Putting Gary Bettman in charge of hockey labor peace is like putting a cat in charge of rodent safety. There are just some things that are inherently, instinctually part of an individual's comportment, and there's nothing they can do to suppress the urges.

For Bettman, it's labor stoppages. The only person who doesn't seem to realize this is Gary Bettman. "I think labor peace is important," he recently told Sports Business Journal's brand engagement and content summit.

OK, great. Let's have more of it.

Here's where the National Hockey League and the NHL Players Association stand: The current collective bargaining agreement ends after the 2021-22 season. The NHL can opt out of it on Sept. 1 of this year. If it chooses not to, then the NHLPA has the option to do the same. If either of them do so, then the CBA ends in September 2020.

"We've engaged in a number of discussions and meetings with the players' association. They're ongoing. Nothing much to update other than the fact that we expect to continue to have discussions over the summer," said deputy commissioner Bill Daly.

"Everybody has their own thoughts. It depends on what happens. We've got a board meeting in a couple of weeks. Then we'll have player meetings all summer long. If we need another board meeting the end of August, first month of September, we will," said Don Fehr, the NHLPA's executive director.

So everyone's on pins and needles, as per usual. Taylor Hall told ESPN this season that he's nervous. "Well, I was pretty confident there wouldn't be one last time and, sure enough, we didn't play until January," Chicago Blackhawks captain Jonathan Toews said. "So it's not really in our hands. The league has been known to do that quite a bit in the last three opportunities they had, so it's unfortunate. So I'd say, I'm not confident at all."


In an odd twist, you know who is confident there might not be a work stoppage?

"In my 26-plus years, this has been the most constructive time. The dialogue has been professional. We seem to understand each other better than ever," Bettman told the conference. "If the union thinks that things are good, maybe that'll be encouraging to both sides to maintain labor peace for as long as possible."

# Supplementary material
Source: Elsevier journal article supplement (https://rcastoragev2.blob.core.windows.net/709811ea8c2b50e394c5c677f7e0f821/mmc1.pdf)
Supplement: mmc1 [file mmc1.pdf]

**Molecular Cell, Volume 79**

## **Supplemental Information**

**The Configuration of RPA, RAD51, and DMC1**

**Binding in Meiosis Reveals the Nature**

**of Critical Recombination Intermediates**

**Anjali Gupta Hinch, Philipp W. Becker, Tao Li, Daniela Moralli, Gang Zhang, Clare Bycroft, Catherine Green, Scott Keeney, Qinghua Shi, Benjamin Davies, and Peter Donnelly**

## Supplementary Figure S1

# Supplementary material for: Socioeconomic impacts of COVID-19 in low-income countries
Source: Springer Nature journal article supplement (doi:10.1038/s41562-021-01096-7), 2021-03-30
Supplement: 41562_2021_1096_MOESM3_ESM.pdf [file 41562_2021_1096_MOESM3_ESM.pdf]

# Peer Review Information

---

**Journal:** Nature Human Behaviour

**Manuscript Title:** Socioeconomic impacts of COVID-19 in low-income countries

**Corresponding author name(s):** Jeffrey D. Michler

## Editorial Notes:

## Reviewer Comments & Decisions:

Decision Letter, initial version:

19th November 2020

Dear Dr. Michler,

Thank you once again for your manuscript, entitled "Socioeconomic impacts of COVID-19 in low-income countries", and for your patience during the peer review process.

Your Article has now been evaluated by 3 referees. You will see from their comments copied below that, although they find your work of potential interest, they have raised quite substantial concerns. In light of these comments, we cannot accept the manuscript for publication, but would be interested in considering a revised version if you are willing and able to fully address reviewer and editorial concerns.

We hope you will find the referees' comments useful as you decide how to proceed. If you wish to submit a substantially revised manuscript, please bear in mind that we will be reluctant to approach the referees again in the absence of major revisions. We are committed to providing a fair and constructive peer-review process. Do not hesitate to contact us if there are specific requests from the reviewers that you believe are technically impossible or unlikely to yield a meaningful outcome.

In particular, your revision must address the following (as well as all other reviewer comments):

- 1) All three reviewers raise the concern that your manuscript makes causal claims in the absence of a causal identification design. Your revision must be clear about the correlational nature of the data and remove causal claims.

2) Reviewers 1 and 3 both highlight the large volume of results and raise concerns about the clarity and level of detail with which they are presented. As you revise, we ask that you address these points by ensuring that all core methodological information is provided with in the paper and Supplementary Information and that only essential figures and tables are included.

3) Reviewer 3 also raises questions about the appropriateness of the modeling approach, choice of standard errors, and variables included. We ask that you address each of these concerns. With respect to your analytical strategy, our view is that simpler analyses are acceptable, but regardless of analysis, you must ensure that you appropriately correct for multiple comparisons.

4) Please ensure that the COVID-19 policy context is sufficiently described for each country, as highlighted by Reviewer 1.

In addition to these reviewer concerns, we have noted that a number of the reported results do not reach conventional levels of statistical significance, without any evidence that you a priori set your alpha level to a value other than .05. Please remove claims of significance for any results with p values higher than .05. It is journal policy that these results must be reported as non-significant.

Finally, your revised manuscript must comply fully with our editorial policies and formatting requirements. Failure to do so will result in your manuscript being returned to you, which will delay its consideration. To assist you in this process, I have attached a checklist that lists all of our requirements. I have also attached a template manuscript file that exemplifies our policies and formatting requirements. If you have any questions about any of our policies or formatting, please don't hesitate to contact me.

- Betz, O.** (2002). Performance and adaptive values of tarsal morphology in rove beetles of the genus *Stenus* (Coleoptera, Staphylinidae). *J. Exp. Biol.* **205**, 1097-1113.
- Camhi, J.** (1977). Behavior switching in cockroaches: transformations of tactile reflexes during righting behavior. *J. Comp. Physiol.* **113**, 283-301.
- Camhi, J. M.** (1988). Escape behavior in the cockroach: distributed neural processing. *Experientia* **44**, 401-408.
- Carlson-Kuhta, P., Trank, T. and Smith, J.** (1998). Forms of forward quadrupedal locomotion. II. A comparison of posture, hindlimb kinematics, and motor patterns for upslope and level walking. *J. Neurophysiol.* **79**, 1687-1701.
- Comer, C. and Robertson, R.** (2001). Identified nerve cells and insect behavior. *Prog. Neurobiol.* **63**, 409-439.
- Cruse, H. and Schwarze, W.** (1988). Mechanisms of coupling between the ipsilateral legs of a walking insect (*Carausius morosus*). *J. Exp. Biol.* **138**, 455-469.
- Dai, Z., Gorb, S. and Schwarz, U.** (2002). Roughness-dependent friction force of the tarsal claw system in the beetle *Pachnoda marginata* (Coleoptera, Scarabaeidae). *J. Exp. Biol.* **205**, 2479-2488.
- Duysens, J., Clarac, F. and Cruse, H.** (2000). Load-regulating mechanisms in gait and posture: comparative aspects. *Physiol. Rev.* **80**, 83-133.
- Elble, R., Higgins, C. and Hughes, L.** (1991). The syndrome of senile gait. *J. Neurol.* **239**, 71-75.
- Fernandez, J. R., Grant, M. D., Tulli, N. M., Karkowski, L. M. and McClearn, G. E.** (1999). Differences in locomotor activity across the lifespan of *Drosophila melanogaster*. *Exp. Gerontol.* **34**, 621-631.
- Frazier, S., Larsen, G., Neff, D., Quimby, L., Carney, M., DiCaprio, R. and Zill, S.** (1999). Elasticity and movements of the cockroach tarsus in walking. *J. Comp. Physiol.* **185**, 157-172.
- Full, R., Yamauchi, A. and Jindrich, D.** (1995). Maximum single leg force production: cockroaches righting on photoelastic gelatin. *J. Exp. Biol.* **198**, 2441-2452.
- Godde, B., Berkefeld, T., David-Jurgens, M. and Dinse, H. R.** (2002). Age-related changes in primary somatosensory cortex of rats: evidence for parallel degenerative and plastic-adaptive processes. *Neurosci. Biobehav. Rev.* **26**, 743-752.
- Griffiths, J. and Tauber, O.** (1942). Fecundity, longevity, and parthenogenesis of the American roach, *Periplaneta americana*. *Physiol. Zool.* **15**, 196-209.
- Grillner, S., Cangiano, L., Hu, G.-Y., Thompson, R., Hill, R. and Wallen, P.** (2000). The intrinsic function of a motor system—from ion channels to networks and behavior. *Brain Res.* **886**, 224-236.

This, in the end, is the question: Are the NHL's salad days leafy enough that the players and owners don't want to do this again?

Here are the cases for labor peace and all-out war.

The case for peace

Things are good right now in the NHL. The quality of play is better than it's been in recent memory, especially when it comes to offense. The average of 3.01 goals per game was the second highest since 1996.

Bettman's artificial parity is paying off. Attendance, for the most part, is strong. Ratings, for the most part, are good. The league is squeezing revenue streams for all they can produce, with more to come. The projected cap ceiling for 2019-20 is $83 million. League revenue has soared to $4.85 billion. Player salaries continue to grow, but apparently not to the point where owners feel the need to pound the negotiating table and demand that they're rolled back.

The reason these talks have started in earnest is because the owners aren't looking to drop an anvil on the players this time. Oh, sure, they want to win the negotiation, grab more of the pie than they already have. But there isn't the same obsession with changing the system there has been in previous Bettman-led CBA talks.

"The thing that stands out to me the most is we're able to have these discussions with a lack of tension," said Mathieu Schneider, the NHLPA's special assistant to the executive director. "When you start bargaining meetings like we did in 2012 ... You could cut the tension with a knife in those first couple meetings, and in most meetings. And we're able to have these discussions now without that tension, without walls being built up, and it's been very positive so far."

Again, things are good. Really good for the owners. Pretty good for the players. But good enough?

The case for war

There are two basic issues for the players in this CBA: Getting back to the Olympics, and figuring out a solution to escrow, the bane of their professional existence.

On the Olympics, it's an interesting battle. The NHL slowly pivoted from making this an "Us against the IOC" situation to making it a CBA bargaining chip, but lingering in the background is the fact that the owners truly don't want to do this again if the IOC doesn't sweeten the pot by easing marketing and revenue generating rules.

"Why don't you give us the same rights as the top sponsor?" Bettman asked. "We get to go as an invited guest, with no ability to advertise that we're there?"

Everyone expects the NHL will go back to the 2022 Olympics in Beijing because of how much groundwork they're laying in that market. The players probably know this, too, so it'll be interesting to see if they're willing to concede anything to get there.

Escrow is another story. This is going to be a fight.